Tuesday, July 25, 2006

God, Bob Dylan, and a Mysterious Morning

"It's a dark and mysterious morning." These were husband John's first words as he stood buck naked (but for his cup of coffee) looking out on the river from our bedroom loft a few minutes before 6 a.m. Lately, his first words have been raves about the sunrise. Occasionally I sit halfway up in bed and give a groggy rave of agreement, but "dark and mysterious" wasn't enough to get a rise out of me this morning. But when he offered to read a review on Bob Dylan from the August/September issue of "First Things" which arrived yesterday, I quickly came alive. Bob Dylan has been on our minds lately. We are scheduled to teach a CALL course (Calvin Academy for Life-long Learning) this fall with the title: "This Land is Your Land: American Folk Music in Story and Song" and our last session is on Bob Dylan. The review is titled "Bob Dylan: The Essential Interviews," edited by Jonathan Cott. The reviewer Stephen H. Webb tells us that most of what we believed about Dylan is all a myth. He wasn't the radical-left protester some people imagined he was. There are some good quotes: "Dylan was not interested in pointing his guitar-strumming fingers at anybody unless he could probe the delusions of utopian optimism. . . . He is interested in the verities of human nature, not the possibilities of social progress. 'It's like, when somebody wants to tell me what the 'moral' thing is to do, I want them to show me. If they have anything to say about morals, I want to know what it is they do.'" Webb goes on to say, "While Dylan never wavered in his disdain for political activism . . . he also never backed down from expressing an interest in God, the Bible, and the Supernatural. In 1965, his interviewers did not know what to make of his comment that 'classical gospel could be the next trend' and that he was interested in folk music because it is 'full of legend, myth, Bible, and ghosts.'" Webb suggests that Dylan has grown in the faith, going from a simplistic fundamentalism of sorts to a more nuanced spirituality. He quotes from Dylan's album, "Time Out of Mine:" "I've been walking through the middle of nowherre, tring to get to heaven before they close the door." In an interview he confessed, "I'm determined to stand whether God will deliver me or not," and he goes on, "If we know anything about God, God is arbitrary. So people better be able to deal with that, too." Webb adds: "This album was his way of dealing with the divine hiddenness that is revealed only to those who have kept watch through the dark night of the soul." Husband John wondered aloud if Dylan is revealed here as a bit of a modern-day Job.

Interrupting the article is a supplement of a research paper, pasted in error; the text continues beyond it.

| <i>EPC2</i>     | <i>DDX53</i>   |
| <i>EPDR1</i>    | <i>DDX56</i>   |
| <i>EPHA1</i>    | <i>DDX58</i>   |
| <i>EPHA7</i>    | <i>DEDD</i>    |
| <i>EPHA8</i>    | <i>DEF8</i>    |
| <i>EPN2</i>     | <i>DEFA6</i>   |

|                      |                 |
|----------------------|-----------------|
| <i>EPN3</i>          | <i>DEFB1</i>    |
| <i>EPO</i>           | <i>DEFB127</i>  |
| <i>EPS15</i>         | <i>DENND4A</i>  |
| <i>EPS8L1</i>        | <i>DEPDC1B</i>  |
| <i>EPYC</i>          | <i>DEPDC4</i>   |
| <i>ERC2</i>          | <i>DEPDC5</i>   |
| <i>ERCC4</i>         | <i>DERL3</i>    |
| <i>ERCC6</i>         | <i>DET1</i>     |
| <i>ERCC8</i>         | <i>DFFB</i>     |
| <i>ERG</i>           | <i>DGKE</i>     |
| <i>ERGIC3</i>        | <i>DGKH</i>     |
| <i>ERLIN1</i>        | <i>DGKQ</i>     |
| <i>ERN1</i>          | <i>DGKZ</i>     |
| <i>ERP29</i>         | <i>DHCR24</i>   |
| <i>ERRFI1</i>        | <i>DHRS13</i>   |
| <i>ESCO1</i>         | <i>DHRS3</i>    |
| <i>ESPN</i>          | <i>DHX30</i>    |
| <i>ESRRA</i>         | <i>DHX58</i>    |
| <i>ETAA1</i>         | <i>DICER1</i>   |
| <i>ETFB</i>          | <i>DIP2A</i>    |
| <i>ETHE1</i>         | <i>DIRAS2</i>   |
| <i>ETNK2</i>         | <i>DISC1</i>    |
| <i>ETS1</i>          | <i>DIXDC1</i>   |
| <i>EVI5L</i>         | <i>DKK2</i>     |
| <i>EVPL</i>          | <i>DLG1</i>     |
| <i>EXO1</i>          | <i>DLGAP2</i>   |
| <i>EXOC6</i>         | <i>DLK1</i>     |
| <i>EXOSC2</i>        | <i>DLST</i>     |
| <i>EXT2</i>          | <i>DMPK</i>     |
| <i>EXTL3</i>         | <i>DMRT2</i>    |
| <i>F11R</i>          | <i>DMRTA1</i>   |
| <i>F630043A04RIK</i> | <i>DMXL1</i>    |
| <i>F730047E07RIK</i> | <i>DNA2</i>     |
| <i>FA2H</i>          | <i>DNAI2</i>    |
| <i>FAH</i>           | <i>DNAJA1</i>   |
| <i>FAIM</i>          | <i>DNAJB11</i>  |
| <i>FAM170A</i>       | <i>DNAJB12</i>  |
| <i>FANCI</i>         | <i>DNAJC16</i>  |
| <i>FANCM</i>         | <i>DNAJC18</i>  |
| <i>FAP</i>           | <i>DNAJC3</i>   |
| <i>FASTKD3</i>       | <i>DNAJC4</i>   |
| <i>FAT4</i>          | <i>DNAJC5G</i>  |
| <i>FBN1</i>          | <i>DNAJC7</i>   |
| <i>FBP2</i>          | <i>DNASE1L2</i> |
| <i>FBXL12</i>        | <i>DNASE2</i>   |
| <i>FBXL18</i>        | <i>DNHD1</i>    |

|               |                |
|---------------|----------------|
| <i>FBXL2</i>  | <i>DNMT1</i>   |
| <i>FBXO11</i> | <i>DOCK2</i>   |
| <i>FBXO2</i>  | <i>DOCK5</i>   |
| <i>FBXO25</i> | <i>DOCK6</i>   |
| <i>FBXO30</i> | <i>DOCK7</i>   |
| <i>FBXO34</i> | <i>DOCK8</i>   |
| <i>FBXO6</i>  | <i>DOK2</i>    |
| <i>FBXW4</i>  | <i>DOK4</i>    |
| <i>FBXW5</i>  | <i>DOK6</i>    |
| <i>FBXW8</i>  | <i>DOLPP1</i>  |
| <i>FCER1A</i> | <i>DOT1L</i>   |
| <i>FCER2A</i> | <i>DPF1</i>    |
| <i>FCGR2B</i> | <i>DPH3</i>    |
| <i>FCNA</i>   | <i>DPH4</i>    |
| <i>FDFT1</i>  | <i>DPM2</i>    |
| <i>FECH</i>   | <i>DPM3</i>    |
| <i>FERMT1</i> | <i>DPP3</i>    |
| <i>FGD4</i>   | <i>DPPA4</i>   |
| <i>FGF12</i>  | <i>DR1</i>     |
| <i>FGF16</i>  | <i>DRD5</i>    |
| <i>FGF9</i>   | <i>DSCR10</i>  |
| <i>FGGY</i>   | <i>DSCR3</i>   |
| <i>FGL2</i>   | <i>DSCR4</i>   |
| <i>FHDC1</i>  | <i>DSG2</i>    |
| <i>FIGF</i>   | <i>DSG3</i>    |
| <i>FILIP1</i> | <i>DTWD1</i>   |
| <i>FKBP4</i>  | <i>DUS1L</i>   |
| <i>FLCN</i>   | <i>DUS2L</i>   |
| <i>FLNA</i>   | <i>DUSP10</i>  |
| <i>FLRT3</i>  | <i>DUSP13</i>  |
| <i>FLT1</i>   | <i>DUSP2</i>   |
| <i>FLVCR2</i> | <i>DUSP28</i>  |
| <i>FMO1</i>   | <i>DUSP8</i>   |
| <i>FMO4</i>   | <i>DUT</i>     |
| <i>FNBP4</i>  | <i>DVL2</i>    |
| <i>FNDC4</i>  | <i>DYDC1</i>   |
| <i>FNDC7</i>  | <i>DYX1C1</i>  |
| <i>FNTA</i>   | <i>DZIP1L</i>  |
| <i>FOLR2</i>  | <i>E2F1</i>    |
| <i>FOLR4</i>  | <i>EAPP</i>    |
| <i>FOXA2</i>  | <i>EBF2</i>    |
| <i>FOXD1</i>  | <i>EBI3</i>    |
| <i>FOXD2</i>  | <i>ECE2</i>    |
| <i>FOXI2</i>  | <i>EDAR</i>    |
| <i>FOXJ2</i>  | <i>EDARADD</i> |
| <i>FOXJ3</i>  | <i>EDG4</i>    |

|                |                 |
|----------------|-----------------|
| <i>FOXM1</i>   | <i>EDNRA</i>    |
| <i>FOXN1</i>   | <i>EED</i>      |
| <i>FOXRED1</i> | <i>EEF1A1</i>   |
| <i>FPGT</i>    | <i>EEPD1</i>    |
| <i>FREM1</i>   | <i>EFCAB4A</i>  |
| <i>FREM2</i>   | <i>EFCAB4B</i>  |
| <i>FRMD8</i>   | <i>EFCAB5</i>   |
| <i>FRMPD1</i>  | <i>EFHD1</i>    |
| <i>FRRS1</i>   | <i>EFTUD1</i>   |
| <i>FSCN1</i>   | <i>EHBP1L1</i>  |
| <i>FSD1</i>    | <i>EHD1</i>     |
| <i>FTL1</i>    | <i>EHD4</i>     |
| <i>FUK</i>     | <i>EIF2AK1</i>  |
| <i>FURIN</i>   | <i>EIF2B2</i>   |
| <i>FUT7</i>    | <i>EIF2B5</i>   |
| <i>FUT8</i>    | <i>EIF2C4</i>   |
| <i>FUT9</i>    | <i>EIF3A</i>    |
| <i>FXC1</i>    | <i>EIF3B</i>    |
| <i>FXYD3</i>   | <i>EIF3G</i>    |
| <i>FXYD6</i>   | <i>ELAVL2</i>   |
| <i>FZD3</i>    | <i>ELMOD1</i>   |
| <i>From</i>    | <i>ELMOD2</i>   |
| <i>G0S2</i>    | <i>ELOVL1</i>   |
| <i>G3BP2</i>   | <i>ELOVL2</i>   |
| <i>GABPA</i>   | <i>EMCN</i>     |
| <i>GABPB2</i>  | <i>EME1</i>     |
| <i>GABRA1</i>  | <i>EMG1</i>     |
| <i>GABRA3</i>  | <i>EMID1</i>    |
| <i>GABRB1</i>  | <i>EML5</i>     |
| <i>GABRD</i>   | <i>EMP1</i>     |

From Dylan, the reading continued with Richard John Neuhaus and "The Public Square," which comes at the back of every issue. Neuhaus often irritates us a lot, but not so much this time: an interesting review of John Lewis Gaddis, "The Cold War: A New History," some reflections on "Bonhoeffer Today," a well-placed seering critique of Judge Robert Pratt of the U.S. District Court for the Southern District of Iowa who tackles Prison Fellowship Ministries, and an even more seering critique of Yale Divinity School's spring issue of "Reflections"--an issue devoted to "Sex and the Church." Writes Neuhaus, "I haven't read all of it, but the message seems to be: Sex good, Church bad."

Tomorrow morning Husband John promises to get back into the issue and read Timothy George on "Southern
Baptists After the Revolution," Lauren Weiner (not Winner) on "The Forgotten Queens of Islam," and a remeniscence on Jaroslav Pelikan, late professor of history at Yale, whose multi-volume history of the Christian Tradition I am now plowing through as I work on my own church history text, under contract with Zondervan.


  1. Hey, congratulations on the new blog! Wish I could sit in on the music course. My husband is a big Dylan fan, although his voice puts me off marathon listening sessions. (I prefer Joan Baez cover versions.) I heard him in concert a few years ago with Paul Simon, the sound of which, my uncle pointed out, is reminiscent of a duet between a violin and a chainsaw. But Dylan's certainly got the patience of Job, with his eternal touring. I hope you'll keep us posted on other artists you discuss on the course!

  2. Welcome to the blogosphere, Ruth. Dylan is not a favorite of mine, but he is definitely a significant part of American culture. I look forward to more reflections.

  3. Way to go Ruth! I love your blog. Just today, I tried to locate Dylan's childhood home in Duluth (no no avail -- had only a picture, but no street address) It sold a couple of years ago on e-bay for $94,000, Then, I arrived home this evening and discovered your wonderful blog with a Dylan post!